some, though...) Anyway, as a tolerant guy I'm working on a way to boot-up LFS
without being written to a partition.
Another reason for the 2. possibility could be the wish for a bootable LFS
System on a CD-R - very useful for turning Systems without Linux installed to
LFS-running, friendly machines. Let's wait anxiously for a complete ALFS..
Before you chose, let me remind, that the 2. possibility requires more work and
causes a loss of speed to any disk-input/output-Operations due to the usage of
I'm not certain about these steps yet. I'll try them if I find the time. I'd be
glad if I get help from anyone. So these are no instructions, but basically my
ideas what has to happen next...
You've chosen the 1. possibility?
Mount the main partition to "/mnt" in the chroot'ed environment suggesting your
main partition is /dev/hda1, otherwise fill in what is necessary:
mount /dev/hda1 /mnt
You'll have to get the main partition entirely clean from everything that is not
for dirname in `ls /mnt | sed s/tmp//`; do rm -r $dirname; done &&
for filename in `ls /mnt/tmp | sed s/lfs.disk//`; do rm $filename; done
Now it's clean for copying the LFS system. Everything but the /mnt directory,
to which the device that we are filling with LFS is mounted and the directory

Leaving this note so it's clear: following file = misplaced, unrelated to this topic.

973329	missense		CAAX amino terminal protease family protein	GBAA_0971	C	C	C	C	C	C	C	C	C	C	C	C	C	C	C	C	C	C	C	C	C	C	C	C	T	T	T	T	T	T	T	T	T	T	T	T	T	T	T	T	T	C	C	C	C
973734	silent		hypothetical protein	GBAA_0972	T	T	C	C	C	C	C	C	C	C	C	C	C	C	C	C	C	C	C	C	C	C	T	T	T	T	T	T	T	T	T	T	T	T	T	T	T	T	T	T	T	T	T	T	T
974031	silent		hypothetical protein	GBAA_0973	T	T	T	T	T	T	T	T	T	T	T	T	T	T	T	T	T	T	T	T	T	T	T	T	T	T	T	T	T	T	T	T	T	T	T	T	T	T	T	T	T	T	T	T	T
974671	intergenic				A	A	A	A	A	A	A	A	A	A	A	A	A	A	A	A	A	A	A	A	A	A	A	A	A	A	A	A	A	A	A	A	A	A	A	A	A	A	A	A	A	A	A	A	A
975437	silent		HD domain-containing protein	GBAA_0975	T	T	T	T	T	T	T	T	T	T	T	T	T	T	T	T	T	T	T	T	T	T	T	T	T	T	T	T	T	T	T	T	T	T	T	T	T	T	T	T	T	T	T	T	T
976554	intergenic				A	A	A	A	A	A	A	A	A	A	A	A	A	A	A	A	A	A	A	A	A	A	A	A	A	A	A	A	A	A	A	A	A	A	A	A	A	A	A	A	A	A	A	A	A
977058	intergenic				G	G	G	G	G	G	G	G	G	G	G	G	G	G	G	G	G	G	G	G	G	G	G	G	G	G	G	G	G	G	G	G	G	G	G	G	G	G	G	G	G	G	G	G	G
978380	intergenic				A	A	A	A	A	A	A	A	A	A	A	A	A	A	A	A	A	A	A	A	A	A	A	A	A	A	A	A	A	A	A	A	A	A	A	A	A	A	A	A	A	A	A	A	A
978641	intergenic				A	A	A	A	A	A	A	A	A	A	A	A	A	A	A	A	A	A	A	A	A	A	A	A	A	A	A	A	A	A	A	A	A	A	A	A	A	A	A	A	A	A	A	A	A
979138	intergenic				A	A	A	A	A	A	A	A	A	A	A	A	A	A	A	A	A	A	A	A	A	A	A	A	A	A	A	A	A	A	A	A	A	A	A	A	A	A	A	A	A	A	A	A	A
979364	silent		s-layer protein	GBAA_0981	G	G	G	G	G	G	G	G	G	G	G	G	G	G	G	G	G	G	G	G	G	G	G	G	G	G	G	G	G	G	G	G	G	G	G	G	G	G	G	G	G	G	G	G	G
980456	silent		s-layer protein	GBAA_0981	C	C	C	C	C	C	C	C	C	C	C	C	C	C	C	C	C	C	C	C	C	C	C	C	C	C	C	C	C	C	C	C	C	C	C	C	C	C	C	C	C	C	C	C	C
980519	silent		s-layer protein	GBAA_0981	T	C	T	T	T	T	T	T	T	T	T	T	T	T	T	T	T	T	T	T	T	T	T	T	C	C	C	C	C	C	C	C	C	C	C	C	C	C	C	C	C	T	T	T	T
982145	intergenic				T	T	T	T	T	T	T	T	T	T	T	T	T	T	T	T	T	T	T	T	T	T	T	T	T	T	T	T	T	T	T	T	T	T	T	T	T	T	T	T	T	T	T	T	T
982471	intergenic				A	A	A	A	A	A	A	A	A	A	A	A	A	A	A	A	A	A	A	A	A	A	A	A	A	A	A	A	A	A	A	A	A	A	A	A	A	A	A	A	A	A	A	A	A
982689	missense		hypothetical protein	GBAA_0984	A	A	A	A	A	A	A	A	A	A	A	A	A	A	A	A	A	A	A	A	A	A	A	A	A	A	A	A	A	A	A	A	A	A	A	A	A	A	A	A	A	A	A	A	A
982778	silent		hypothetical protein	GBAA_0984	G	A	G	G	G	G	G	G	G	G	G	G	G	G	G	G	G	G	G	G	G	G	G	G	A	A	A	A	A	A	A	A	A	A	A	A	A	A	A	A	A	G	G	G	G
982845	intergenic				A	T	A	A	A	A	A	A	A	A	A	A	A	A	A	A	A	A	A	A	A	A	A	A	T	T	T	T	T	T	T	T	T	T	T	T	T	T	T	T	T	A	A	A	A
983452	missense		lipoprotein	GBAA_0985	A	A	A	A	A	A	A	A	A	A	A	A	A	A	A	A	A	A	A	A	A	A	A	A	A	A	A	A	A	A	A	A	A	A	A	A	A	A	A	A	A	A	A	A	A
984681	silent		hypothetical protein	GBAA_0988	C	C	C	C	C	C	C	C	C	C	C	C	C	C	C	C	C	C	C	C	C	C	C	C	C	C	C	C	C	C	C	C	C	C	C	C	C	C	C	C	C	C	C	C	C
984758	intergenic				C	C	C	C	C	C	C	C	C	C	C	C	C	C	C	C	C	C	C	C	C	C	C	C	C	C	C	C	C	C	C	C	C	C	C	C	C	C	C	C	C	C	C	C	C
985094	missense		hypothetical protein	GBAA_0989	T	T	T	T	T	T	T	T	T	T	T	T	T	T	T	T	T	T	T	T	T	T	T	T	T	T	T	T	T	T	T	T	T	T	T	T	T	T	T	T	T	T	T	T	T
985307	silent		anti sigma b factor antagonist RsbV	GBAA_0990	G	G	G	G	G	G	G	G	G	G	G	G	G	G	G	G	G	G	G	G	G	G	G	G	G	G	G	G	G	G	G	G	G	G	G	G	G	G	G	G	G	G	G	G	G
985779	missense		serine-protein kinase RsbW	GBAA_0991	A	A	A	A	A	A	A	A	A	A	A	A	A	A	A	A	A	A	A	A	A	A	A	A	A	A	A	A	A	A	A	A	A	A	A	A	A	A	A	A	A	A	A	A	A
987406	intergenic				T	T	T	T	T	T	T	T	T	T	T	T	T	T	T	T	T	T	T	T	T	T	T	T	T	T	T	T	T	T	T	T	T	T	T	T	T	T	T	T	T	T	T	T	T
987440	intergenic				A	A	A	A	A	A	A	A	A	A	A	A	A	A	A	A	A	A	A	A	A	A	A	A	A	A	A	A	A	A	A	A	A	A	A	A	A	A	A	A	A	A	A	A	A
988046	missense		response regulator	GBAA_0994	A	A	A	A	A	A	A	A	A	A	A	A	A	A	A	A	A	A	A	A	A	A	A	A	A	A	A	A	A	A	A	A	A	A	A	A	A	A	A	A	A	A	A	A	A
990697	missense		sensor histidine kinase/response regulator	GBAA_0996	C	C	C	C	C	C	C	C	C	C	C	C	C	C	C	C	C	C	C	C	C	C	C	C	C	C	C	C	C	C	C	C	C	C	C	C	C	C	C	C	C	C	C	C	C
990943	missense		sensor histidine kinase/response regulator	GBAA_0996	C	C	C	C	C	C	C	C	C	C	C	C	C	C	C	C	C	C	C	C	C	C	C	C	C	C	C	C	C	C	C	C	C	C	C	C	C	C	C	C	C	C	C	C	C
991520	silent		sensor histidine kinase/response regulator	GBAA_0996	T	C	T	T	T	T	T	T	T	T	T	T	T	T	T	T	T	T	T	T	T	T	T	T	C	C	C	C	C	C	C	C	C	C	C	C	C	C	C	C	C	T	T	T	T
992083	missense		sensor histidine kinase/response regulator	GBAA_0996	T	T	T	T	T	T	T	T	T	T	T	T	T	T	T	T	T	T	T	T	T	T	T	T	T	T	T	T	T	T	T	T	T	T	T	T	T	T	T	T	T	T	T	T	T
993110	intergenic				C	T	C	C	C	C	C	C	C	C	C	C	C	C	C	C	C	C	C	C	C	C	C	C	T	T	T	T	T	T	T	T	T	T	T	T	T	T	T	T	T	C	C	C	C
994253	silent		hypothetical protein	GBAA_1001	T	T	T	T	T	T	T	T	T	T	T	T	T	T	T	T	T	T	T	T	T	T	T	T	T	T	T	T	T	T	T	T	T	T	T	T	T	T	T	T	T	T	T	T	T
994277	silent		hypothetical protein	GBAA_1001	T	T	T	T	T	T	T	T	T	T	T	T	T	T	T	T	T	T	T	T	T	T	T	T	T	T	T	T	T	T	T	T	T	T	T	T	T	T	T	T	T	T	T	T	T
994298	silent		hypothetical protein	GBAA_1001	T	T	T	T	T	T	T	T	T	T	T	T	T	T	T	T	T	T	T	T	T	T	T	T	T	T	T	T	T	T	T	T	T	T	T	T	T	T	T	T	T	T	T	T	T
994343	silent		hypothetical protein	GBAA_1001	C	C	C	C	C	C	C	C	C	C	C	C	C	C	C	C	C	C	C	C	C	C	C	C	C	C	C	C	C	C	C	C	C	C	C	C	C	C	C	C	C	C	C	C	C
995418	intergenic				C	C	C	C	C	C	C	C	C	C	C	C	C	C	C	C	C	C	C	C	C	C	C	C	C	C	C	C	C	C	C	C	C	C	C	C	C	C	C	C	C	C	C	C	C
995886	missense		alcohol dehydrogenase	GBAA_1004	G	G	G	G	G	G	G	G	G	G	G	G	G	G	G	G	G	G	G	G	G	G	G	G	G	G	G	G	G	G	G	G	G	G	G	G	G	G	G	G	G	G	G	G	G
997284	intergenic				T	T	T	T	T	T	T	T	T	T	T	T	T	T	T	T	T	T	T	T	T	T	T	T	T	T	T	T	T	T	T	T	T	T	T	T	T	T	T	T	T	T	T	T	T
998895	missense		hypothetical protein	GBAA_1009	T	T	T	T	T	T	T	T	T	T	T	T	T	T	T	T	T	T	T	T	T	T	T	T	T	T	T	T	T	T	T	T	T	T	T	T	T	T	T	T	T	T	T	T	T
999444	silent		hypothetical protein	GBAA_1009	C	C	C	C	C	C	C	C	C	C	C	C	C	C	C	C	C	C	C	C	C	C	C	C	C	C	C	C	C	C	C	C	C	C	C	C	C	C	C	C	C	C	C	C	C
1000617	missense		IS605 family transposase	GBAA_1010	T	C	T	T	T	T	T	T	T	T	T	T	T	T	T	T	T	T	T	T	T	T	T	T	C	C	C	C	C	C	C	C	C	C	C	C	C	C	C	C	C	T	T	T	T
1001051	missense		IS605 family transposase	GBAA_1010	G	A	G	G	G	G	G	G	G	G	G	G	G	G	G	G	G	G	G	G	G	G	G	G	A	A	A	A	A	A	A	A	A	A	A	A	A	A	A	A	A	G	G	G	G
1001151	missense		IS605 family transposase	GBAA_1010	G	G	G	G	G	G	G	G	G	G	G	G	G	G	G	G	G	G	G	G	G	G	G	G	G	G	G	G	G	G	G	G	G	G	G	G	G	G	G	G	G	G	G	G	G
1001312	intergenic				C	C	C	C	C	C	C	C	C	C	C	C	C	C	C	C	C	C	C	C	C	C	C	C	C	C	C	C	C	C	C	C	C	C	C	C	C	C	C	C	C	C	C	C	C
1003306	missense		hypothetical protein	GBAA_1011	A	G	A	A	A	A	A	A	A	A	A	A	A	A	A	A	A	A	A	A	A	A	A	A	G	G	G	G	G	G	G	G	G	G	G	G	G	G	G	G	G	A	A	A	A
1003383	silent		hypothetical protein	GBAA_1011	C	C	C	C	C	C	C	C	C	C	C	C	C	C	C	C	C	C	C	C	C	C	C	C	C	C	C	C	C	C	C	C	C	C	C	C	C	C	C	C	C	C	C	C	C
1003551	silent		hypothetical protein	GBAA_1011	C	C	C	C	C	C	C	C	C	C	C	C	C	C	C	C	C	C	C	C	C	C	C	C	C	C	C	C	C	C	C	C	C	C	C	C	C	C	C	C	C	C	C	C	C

/proc, in which are dynamic files written by the kernel.
for dirname in `ls / | sed s/mnt// | sed s/proc//`; do
cp -a $dirname /mnt; done
Now the LFS is on your primary partition logout of the chroot'ed environment
into the new system. Now you can perform lilo and this stuff.
It is possible that you have to change into single user system not to hang up
the other ttyS running on your distro's files. If your system hangs up because
I forgot these, boot up with a bootdisk (if you don't have one and obeyed blind:
bad luck! And now get one) into single user mode and then perform the lilo step.
You've chosen the 2. possibility?
This part isn't written yet! Tasks to do:
- Make a lfs.initrd file (like the lfs.disk file, but only about 32MB maximum)
with only the files necessary for bootup! For that you can keep a static bash
and some of the real necessary tools.
- Design bootscripts in this initrd so the /dev/hda1/tmp/lfs.disk is somehow
mounted to /. This script has to mount /dev/hda1 to some unused directory and
then perform the steps to mount the lfs.disk as loop device.
- Install lilo for usage with this lfs.initrd file.
Then you can get back to the book.
Alex (LX) - hope to meet you at irc.linuxfromscratch.org